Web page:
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High-profile cases bring attention to media’s struggle for greater camera access to courts

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From the Winter 2004 issue of The News Media & The Law, page 37.

From the Winter 2004 issue of The News Media & The Law, page 37.

By Liam Hurley

Public interest in various high-profile trials over the past few months paved the way for greater camera access to America’s courtrooms.

For the first time ever, the Supreme Court of Delaware is allowing cameras in the state’s Supreme and Chancery courts, albeit for a six-month experiment. In Iowa, a Superior Court judge welcomed photojournalists to attend a highly publicized murder trial, while in Ohio and California judges denied requests to close high-profile proceedings to still and broadcast cameras.

But it is not all good news for open government advocates. In Alabama, the judicial misconduct case of former Supreme Court Chief Justice Roy Moore was closed to the broadcast media, as was singer Michael Jackson’s January arraignment on child molestation charges in California. Although public interest in each case was extraordinary, both courts refused to allow cameras inside the courtroom.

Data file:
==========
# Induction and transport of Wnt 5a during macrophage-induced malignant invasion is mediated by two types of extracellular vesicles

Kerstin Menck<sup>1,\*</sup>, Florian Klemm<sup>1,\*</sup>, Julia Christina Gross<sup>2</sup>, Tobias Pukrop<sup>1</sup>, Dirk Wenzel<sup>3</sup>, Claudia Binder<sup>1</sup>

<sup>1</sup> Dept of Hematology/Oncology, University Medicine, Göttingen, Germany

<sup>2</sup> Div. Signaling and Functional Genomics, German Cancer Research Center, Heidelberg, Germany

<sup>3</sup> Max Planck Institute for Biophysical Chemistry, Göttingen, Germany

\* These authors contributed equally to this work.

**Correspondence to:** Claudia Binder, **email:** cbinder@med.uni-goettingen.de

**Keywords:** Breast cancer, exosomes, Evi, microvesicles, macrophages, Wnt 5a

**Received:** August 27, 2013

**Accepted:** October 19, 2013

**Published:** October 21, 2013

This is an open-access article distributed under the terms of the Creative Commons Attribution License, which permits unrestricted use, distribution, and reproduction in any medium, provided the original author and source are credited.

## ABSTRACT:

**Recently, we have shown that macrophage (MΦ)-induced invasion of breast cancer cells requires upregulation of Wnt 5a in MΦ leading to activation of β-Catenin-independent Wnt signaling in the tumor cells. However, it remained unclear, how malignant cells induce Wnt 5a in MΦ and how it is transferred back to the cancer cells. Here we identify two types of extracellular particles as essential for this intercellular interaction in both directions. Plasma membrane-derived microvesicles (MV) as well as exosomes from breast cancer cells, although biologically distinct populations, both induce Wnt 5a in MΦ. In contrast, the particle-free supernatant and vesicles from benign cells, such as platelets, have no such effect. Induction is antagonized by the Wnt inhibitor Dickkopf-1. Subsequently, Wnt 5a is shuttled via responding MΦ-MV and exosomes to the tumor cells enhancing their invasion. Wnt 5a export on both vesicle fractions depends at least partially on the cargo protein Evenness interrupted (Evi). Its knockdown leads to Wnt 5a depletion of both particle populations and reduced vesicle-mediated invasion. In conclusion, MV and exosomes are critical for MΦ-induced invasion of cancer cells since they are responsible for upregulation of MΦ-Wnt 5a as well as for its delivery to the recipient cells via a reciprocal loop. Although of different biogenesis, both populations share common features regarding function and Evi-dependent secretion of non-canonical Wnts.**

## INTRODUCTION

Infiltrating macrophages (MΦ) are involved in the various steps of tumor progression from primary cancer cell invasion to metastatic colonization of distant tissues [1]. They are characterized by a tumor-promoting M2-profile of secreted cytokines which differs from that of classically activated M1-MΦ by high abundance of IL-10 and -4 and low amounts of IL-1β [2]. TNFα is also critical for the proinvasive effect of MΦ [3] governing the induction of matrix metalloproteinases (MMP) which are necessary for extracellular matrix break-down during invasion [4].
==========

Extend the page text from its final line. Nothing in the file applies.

R.I. Supreme Court grants stay in criminal contempt proceedings

The Rhode Island Supreme Court delayed contempt-of-court proceedings against two Providence news organizations in January so it could further investigate charges against them.

On the recommendation of the state’s attorney general, The Providence Journal and TV station KLEE-6 were found in contempt of court in November by Judge William Dmitri of Superior Court in Providence for allegedly violating his pretrial order that prohibited them from identifying witnesses at a murder trial. The news organizations’ attorney, Joseph Cavanagh Jr., filed a petition with the high court in December seeking a stay. He called the pretrial draft order “patently unconstitutional.”

The Supreme Court ruled Jan. 9 that it needed more information about each news group’s knowledge of Dmitri’s pretrial order.

At the request of Attorney General Patrick Lynch, Dmitri issued a restraining order Oct. 22 that prohibited the media from identifying potential witnesses at the murder trial of Charles Pona. Pona was accused of murdering 15-year-old Jennifer Rivera, who was shot and killed outside her Providence home one day before she was to testify against him in a different trial.

On Nov. 12, Pona was found guilty in the murder of Rivera. He was sentenced to life in prison, plus 20 years.

During that trial, the Journal published a photograph of witness Miguel Perez. The picture, however, was taken at a December 2001 court appearance in an unrelated matter. KLEE-6 recorded witness Dennis Fullen’s Nov. 4 testimony and subsequently aired the footage. The station also broadcast the Journal‘s picture of Perez.